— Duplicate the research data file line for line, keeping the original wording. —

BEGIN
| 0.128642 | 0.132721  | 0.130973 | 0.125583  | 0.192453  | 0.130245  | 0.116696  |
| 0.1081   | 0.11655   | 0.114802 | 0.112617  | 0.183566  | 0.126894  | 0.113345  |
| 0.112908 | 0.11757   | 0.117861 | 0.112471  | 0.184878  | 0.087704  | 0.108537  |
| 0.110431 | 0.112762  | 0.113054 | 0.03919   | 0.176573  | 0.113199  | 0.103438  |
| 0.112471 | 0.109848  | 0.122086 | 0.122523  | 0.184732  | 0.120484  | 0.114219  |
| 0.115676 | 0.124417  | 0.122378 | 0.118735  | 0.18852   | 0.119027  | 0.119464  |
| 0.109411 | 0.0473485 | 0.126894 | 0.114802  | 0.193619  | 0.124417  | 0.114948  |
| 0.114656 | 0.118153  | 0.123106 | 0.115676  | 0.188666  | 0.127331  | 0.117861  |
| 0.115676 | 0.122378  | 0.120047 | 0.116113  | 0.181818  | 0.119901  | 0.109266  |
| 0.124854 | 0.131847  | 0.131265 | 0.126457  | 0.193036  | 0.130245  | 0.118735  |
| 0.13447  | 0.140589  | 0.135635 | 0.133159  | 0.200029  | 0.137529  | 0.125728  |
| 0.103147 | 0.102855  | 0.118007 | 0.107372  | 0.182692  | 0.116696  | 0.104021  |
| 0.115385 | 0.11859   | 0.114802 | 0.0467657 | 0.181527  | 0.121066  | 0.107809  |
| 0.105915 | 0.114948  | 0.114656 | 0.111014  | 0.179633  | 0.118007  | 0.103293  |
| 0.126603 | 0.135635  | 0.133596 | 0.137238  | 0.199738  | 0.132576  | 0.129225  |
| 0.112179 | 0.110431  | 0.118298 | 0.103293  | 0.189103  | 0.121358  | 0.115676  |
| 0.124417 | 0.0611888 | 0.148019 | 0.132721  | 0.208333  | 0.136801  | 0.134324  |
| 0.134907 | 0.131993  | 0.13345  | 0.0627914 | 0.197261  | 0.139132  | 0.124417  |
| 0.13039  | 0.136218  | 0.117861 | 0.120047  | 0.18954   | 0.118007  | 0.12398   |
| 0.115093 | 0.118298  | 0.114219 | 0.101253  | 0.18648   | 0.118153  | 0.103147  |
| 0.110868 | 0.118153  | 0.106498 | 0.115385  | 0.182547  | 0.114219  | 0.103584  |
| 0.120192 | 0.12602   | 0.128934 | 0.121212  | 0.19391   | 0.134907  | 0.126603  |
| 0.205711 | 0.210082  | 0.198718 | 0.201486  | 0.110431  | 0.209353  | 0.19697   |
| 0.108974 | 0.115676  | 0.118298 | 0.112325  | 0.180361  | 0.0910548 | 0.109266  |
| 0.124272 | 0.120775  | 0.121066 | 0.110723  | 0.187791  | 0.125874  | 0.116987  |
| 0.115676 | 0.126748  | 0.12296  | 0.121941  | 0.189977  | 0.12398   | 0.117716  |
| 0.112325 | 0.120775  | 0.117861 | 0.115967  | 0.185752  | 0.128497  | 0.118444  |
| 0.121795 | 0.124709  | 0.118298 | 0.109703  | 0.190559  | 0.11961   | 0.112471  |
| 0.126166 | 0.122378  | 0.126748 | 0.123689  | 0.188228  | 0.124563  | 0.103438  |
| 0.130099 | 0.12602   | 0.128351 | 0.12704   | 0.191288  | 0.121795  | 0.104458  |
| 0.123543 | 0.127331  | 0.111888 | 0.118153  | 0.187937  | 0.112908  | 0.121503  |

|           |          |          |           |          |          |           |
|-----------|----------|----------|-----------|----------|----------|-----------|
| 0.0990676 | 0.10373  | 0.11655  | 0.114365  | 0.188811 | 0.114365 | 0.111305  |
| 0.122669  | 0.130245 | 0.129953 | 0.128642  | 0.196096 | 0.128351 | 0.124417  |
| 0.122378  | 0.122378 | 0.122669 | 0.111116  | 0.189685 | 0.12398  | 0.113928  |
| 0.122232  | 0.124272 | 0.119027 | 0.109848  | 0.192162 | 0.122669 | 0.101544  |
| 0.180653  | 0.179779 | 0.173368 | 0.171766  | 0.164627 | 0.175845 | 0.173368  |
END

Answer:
| 0.128642 | 0.132721  | 0.130973 | 0.125583  | 0.192453  | 0.130245  | 0.116696  |
| 0.1081   | 0.11655   | 0.114802 | 0.112617  | 0.183566  | 0.126894  | 0.113345  |
| 0.112908 | 0.11757   | 0.117861 | 0.112471  | 0.184878  | 0.087704  | 0.108537  |
| 0.110431 | 0.112762  | 0.113054 | 0.03919   | 0.176573  | 0.113199  | 0.103438  |
| 0.112471 | 0.109848  | 0.122086 | 0.122523  | 0.184732  | 0.120484  | 0.114219  |
| 0.115676 | 0.124417  | 0.122378 | 0.118735  | 0.18852   | 0.119027  | 0.119464  |
| 0.109411 | 0.0473485 | 0.126894 | 0.114802  | 0.193619  | 0.124417  | 0.114948  |
| 0.114656 | 0.118153  | 0.123106 | 0.115676  | 0.188666  | 0.127331  | 0.117861  |
| 0.115676 | 0.122378  | 0.120047 | 0.116113  | 0.181818  | 0.119901  | 0.109266  |
| 0.124854 | 0.131847  | 0.131265 | 0.126457  | 0.193036  | 0.130245  | 0.118735  |
| 0.13447  | 0.140589  | 0.135635 | 0.133159  | 0.200029  | 0.137529  | 0.125728  |
| 0.103147 | 0.102855  | 0.118007 | 0.107372  | 0.182692  | 0.116696  | 0.104021  |
| 0.115385 | 0.11859   | 0.114802 | 0.0467657 | 0.181527  | 0.121066  | 0.107809  |
| 0.105915 | 0.114948  | 0.114656 | 0.111014  | 0.179633  | 0.118007  | 0.103293  |
| 0.126603 | 0.135635  | 0.133596 | 0.137238  | 0.199738  | 0.132576  | 0.129225  |
| 0.112179 | 0.110431  | 0.118298 | 0.103293  | 0.189103  | 0.121358  | 0.115676  |
| 0.124417 | 0.0611888 | 0.148019 | 0.132721  | 0.208333  | 0.136801  | 0.134324  |
| 0.134907 | 0.131993  | 0.13345  | 0.0627914 | 0.197261  | 0.139132  | 0.124417  |
| 0.13039  | 0.136218  | 0.117861 | 0.120047  | 0.18954   | 0.118007  | 0.12398   |
| 0.115093 | 0.118298  | 0.114219 | 0.101253  | 0.18648   | 0.118153  | 0.103147  |
| 0.110868 | 0.118153  | 0.106498 | 0.115385  | 0.182547  | 0.114219  | 0.103584  |
| 0.120192 | 0.12602   | 0.128934 | 0.121212  | 0.19391   | 0.134907  | 0.126603  |
| 0.205711 | 0.210082  | 0.198718 | 0.201486  | 0.110431  | 0.209353  | 0.19697   |
| 0.108974 | 0.115676  | 0.118298 | 0.112325  | 0.180361  | 0.0910548 | 0.109266  |
| 0.124272 | 0.120775  | 0.121066 | 0.110723  | 0.187791  | 0.125874  | 0.116987  |
| 0.115676 | 0.126748  | 0.12296  | 0.121941  | 0.189977  | 0.12398   | 0.117716  |
| 0.112325 | 0.120775  | 0.117861 | 0.115967  | 0.185752  | 0.128497  | 0.118444  |
| 0.121795 | 0.124709  | 0.118298 | 0.109703  | 0.190559  | 0.11961   | 0.112471  |
| 0.126166 | 0.122378  | 0.126748 | 0.123689  | 0.188228  | 0.124563  | 0.103438  |
| 0.130099 | 0.12602   | 0.128351 | 0.12704   | 0.191288  | 0.121795  | 0.104458  |
| 0.123543 | 0.127331  | 0.111888 | 0.118153  | 0.187937  | 0.112908  | 0.121503  |

|           |          |          |           |          |          |           |
|-----------|----------|----------|-----------|----------|----------|-----------|
| 0.0990676 | 0.10373  | 0.11655  | 0.114365  | 0.188811 | 0.114365 | 0.111305  |
| 0.122669  | 0.130245 | 0.129953 | 0.128642  | 0.196096 | 0.128351 | 0.124417  |
| 0.122378  | 0.122378 | 0.122669 | 0.111116  | 0.189685 | 0.12398  | 0.113928  |
| 0.122232  | 0.124272 | 0.119027 | 0.109848  | 0.192162 | 0.122669 | 0.101544  |
| 0.180653  | 0.179779 | 0.173368 | 0.171766  | 0.164627 | 0.175845 | 0.173368  |